The organization I lead generates a bunch of data.
We provide leadership development in under-resourced populations, so we have data about the number of leaders that are engaged in our programs.
We have data about the number of events we conduct each quarter.
We have cool data about the impact of our services on leaders.
But when we began telling “Jairus’ story” to our stakeholders, the data has found a voice.
Stories Attach Meaning to Data
We’ve heard the phrase “the data speaks for itself,” but the truth is, data almost never communicates clearly for itself. When leaders interact with customers, with funders, with their boards, or with their own teams, stories give them ways to attach meaning to relevant data. With Jairus’ story of leading in war-torn South Sudan, we are able to help audiences “touch and feel” our data.
Stories Improve Human Learning
Story matches the way human minds are hardwired to process information. In fact, story structure can improve all modes of human learning. The National Council of Teachers of English stated,
Story is the best vehicle for passing on factual information. Historical figures and events linger in minds when communicated by way of narrative. The ways of other cultures, both ancient and living, acquire honor in story. The facts about how plants and animals develop, how numbers work, or how government policy influence history—any topic for that matter—can be incorporated into story form and made more memorable.1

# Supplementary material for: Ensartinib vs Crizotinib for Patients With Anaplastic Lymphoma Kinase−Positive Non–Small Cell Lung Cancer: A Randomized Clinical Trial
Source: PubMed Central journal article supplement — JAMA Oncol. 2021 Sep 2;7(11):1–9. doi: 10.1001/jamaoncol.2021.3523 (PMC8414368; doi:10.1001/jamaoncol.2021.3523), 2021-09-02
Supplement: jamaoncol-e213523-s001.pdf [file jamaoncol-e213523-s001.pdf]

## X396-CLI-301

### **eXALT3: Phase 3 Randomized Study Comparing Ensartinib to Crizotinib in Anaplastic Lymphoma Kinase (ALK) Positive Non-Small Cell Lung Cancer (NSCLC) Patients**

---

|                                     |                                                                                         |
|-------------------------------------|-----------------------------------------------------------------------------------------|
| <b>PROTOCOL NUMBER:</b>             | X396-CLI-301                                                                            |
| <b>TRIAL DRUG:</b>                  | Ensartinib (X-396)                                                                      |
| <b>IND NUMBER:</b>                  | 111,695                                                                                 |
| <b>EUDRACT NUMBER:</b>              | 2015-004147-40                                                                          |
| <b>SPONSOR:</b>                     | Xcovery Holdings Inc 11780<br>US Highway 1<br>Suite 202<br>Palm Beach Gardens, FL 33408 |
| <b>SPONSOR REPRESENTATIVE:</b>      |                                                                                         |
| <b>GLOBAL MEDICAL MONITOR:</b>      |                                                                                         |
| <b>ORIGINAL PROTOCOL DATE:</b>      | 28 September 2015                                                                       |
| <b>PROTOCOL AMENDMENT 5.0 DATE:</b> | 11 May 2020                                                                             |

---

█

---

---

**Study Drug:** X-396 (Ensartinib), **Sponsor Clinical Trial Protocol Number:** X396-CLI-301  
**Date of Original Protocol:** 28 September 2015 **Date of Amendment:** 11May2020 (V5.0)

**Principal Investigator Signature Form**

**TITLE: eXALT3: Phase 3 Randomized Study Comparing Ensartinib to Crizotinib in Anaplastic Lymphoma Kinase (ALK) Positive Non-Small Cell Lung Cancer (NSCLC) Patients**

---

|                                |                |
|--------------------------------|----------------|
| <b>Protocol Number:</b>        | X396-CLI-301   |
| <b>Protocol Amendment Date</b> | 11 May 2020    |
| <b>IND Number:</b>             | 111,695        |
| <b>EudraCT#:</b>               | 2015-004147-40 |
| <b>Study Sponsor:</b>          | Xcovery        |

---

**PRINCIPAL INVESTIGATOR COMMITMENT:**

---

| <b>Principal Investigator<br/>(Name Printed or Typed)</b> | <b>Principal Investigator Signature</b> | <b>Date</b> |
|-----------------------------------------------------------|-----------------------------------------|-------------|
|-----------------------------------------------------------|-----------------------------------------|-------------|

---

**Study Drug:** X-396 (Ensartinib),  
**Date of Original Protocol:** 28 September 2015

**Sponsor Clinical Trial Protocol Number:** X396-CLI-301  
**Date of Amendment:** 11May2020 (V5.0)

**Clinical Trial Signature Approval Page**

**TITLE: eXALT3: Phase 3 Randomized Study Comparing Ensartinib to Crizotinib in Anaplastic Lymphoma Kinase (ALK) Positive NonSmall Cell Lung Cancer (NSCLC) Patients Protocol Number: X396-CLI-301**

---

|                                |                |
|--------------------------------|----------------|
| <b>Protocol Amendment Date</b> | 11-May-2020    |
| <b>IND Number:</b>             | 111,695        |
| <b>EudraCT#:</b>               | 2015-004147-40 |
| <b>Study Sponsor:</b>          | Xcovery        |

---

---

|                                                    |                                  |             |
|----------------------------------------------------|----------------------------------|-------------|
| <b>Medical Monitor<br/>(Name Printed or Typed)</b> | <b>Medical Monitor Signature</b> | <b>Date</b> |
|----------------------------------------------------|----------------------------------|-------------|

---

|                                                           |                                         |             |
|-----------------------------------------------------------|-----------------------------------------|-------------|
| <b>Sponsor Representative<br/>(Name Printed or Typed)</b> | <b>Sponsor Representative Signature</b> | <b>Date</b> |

Stories Bring Evidence to Life
People – regardless of their educational or socio-economic level – live, think, and communicate through stories. Without exception, research studies support the ability of story to improve comprehension. Stories, rather than logical arguments, are more effective in helping people process and derive meaning, especially when the topic of information is unfamiliar. People more readily comprehend and retain key concepts when they are presented in story form. In other words, stories bring your evidence to life. It may be the information you want to communicate, but it’s the story that creates context and relevance so that it is memorable. It may be an objective or goal you want to get across, but it is the story, the obstacles and struggles, that make it comprehensible. It may be the data you want to present, but the story characters and their intentions give readers a reason to care about your data.
There’s a lot at stake for leaders tasked with communicating their organizational data well. So how do we translate the data into meaningful story? That’s our topic for the next blog.
1NCTE Committee on Storytelling. Teaching Storytelling: A Position Statement from the Committee on Storytelling of the National Council of Teachers of English (Urbana, IL, 1992).
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